Anthony W. Ivins (1852-1934) migrated to St. George, Utah, at age nine where he later became an influential civic and ecclesiastical leader. He married Elizabeth A. Snow, daughter of apostle Erastus F. Snow. Ivins was a first cousin of Heber J. Grant, and served as his counselor while Grant was LDS president. Ivins filled several Mormon missions to Mexico and presided as the Juarez, Mexico stake president where he performed post-manifesto marriages. He was appointed by the U.S. government as an Indian agent, and was warmly acquainted with Porfirio Diaz, president of Mexico. Involved in politics in St. George, Ivins held aspirations of running as a Democrat for governor of Utah. In 1907, he was ordained an apostle and later advanced to the First Presidency. Tone, as he called himself, was an accomplished horseman who worked with, and invested in, livestock. He was a game-hunting cowboy who became a statesman for both his country and his expanding religious community.
Though in his correspondence Ivins expressed paramount concern for members of his family, he rarely mentions them in his journals. Rather, his diaries chronicle his business and religious observations including meetings with the Quorum of the Twelve and others. He records meetings of the apostles where decisions were made to remove Church leaders from office who had entered into polygamy after 1904, and details the Church’s dealings with the Mexican government to safeguard the Mormon colonists. There are also discussions where doctrinal principles were clarified. For example, in 1912, Ivins reported that President Joseph F. Smith addressed Brigham Young’s Adam God teachings and affirmed that it was “not a doctrine of the Church.” Ivins clearly loved the ruggedness of outdoor life, as evidenced in his passion for hunting, but was also intrigued with the curiosities at the Utah State Fair, the entertaining showmanship of Buffalo Bill, and the refinement of the theater. Tragedy became commonplace as he recorded vigilante-like justice against Indians and Mexicans who were killed for stealing food, and witnessing the execution of John D. Lee, a once favored son of Mormonism. Appendices of Cowboy Apostle include Ivins Record Book of Marriage and an essay by Ivins son, H. Grant Ivins titled “Polygamy in Mexico as Practiced by the Mormon Church, 1895-1905.”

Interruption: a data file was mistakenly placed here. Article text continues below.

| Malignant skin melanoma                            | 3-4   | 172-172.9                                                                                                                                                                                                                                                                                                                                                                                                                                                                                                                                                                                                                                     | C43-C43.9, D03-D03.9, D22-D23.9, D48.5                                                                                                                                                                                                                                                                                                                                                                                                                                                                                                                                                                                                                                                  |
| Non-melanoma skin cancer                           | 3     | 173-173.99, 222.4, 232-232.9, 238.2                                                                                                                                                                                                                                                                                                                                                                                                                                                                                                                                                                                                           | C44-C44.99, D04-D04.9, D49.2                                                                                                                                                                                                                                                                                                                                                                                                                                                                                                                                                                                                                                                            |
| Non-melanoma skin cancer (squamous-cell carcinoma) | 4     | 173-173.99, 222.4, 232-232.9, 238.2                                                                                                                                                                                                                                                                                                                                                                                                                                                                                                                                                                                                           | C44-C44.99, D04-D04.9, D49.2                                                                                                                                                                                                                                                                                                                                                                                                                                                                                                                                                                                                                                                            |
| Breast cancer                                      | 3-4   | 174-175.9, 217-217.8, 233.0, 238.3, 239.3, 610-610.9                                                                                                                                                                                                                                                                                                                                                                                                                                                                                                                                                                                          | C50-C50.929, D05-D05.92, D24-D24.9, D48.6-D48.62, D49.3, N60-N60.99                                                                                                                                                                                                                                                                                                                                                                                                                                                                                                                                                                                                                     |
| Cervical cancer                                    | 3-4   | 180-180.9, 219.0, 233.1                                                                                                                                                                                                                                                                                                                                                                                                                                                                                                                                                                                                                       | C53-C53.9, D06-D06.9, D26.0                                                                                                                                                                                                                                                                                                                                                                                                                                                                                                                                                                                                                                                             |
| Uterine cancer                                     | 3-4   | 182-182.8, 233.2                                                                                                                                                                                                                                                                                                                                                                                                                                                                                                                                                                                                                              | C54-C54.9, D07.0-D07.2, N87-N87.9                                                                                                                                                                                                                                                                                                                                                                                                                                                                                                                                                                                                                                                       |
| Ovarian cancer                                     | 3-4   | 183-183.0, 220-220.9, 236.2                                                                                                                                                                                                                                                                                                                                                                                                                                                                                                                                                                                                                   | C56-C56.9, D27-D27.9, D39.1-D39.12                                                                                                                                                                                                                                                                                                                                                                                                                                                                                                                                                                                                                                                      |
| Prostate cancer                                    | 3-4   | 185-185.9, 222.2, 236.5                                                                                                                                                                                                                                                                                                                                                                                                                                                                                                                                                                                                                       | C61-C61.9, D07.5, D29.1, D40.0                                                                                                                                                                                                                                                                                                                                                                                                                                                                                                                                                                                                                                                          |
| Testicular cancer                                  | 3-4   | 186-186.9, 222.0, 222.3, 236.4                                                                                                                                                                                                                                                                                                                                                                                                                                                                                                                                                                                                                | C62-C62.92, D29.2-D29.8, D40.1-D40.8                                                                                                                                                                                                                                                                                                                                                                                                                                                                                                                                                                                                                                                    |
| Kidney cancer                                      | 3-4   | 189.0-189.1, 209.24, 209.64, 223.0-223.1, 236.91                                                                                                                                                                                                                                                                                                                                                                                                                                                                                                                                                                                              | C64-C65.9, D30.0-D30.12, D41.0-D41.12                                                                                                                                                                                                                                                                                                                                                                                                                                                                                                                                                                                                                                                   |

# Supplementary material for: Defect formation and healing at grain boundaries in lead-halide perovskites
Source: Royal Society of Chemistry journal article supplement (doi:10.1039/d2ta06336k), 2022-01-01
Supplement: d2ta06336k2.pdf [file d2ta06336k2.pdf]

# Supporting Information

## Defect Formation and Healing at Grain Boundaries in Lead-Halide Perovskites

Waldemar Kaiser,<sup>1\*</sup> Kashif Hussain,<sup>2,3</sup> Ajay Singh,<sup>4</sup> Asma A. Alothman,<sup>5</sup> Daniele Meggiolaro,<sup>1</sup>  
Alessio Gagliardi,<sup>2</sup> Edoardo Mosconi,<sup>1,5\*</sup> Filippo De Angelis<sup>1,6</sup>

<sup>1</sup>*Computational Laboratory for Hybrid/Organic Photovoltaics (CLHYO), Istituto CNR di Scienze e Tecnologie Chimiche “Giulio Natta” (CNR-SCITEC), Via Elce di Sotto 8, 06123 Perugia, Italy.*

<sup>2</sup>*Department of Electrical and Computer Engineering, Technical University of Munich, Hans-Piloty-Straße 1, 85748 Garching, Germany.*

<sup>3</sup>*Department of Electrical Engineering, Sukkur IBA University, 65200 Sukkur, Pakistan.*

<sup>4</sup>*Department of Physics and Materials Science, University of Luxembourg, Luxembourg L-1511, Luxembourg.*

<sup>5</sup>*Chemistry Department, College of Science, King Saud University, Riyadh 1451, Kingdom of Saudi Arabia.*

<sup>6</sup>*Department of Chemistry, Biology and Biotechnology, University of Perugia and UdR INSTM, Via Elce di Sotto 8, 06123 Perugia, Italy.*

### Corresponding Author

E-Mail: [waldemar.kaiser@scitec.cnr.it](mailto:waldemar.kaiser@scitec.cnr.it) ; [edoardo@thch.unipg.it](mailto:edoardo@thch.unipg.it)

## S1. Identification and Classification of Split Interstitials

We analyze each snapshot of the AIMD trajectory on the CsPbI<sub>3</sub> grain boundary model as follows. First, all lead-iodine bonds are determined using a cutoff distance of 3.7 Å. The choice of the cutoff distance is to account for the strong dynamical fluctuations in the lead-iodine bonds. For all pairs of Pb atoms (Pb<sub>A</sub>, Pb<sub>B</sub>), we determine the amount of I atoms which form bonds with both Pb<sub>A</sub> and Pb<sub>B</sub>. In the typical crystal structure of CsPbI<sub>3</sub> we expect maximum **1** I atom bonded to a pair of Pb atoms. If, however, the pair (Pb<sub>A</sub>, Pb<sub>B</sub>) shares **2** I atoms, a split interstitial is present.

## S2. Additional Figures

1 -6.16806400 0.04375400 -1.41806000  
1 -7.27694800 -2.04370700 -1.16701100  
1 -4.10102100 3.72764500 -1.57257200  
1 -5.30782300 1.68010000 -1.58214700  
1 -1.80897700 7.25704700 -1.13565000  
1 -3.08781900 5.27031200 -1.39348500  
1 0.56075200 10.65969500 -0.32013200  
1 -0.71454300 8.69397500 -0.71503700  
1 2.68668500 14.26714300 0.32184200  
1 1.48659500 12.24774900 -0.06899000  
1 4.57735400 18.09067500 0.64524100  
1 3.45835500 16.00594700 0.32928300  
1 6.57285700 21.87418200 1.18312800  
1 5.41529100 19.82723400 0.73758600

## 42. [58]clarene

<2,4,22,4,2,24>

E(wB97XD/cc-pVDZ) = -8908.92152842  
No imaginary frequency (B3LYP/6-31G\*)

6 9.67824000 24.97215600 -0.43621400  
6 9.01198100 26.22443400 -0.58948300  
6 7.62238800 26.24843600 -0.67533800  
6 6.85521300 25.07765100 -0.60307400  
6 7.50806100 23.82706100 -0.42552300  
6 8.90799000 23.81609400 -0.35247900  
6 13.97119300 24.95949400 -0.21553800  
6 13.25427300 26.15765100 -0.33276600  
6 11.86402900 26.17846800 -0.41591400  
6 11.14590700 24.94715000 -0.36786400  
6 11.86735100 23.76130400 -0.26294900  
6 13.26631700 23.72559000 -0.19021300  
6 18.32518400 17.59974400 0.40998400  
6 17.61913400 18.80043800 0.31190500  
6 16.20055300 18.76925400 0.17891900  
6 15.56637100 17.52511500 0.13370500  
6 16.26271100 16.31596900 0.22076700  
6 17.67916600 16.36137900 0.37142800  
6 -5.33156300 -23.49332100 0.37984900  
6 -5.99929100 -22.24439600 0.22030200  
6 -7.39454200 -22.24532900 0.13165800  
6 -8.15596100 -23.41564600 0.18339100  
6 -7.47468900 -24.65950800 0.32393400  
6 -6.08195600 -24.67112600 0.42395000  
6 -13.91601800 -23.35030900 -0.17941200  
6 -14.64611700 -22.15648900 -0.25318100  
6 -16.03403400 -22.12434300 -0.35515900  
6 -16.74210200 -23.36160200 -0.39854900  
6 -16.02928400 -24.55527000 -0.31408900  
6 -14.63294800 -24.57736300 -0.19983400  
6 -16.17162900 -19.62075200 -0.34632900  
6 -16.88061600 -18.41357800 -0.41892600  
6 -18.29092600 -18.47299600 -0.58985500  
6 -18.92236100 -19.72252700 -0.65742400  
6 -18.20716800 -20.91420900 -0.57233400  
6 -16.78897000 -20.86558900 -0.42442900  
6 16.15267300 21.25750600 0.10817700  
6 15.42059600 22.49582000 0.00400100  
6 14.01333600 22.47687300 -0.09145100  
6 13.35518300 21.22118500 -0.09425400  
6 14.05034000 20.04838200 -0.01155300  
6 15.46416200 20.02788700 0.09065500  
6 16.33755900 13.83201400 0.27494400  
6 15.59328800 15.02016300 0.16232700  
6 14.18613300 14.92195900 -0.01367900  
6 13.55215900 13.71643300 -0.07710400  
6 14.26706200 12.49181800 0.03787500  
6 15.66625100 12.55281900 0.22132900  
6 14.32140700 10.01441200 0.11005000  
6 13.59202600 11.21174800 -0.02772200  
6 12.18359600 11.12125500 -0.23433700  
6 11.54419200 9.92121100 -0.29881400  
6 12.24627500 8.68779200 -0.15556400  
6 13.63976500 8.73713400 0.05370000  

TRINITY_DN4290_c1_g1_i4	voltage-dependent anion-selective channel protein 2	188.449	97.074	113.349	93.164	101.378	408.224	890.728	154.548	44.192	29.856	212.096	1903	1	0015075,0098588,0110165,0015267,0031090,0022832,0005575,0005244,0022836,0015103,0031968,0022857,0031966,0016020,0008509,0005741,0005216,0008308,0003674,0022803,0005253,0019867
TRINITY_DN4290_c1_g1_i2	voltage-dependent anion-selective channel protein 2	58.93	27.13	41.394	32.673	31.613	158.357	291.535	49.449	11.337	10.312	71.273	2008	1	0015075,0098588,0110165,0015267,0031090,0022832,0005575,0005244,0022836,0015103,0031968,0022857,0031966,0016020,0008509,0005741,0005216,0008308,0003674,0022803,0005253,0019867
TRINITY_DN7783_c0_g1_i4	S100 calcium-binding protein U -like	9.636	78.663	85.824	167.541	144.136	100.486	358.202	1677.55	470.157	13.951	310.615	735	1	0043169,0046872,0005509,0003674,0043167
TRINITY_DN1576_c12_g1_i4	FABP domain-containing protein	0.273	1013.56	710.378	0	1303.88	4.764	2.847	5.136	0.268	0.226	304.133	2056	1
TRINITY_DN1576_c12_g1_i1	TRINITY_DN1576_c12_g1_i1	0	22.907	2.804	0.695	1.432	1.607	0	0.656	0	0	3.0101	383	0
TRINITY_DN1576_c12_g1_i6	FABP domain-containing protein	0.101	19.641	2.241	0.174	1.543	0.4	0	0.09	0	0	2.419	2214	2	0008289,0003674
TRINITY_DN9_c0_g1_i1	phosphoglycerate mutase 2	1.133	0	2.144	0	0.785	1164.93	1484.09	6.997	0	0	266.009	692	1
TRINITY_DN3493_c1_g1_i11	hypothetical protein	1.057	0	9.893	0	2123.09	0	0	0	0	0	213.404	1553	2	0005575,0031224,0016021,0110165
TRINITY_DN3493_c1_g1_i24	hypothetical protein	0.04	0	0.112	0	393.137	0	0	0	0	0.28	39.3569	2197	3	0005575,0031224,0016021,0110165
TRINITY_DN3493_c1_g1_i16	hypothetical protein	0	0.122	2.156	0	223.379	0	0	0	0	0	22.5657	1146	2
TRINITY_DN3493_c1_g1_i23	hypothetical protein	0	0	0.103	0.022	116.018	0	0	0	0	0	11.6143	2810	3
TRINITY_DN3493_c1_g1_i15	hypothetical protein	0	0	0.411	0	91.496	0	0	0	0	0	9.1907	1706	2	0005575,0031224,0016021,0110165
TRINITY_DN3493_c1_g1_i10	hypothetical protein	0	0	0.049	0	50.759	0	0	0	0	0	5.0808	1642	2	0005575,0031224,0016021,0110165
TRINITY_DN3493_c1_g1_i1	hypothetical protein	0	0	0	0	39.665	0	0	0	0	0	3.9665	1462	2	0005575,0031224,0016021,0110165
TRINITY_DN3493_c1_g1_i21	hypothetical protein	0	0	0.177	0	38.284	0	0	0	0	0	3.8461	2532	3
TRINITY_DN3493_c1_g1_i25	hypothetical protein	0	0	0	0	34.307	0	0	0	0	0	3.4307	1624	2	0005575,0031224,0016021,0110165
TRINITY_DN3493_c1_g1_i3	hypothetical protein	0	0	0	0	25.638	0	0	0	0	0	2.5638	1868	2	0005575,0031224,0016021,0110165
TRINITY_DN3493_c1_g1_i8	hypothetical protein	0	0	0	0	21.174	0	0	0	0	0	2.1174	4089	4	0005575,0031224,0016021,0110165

Elizabeth Anderson offers a new theory of value and rationality that rejects cost–benefit analysis in our social lives and in our ethical theories. This account of the plurality of values thus offers a new approach, beyond welfare economics and traditional theories of justice, for assessing the ethical limitations of the market. In this light, Anderson discusses several contemporary controversies involving the proper scope of the market, including commercial surrogate motherhood, privatization of public services, and the application of cost–benefit analysis to issues of environmental protection.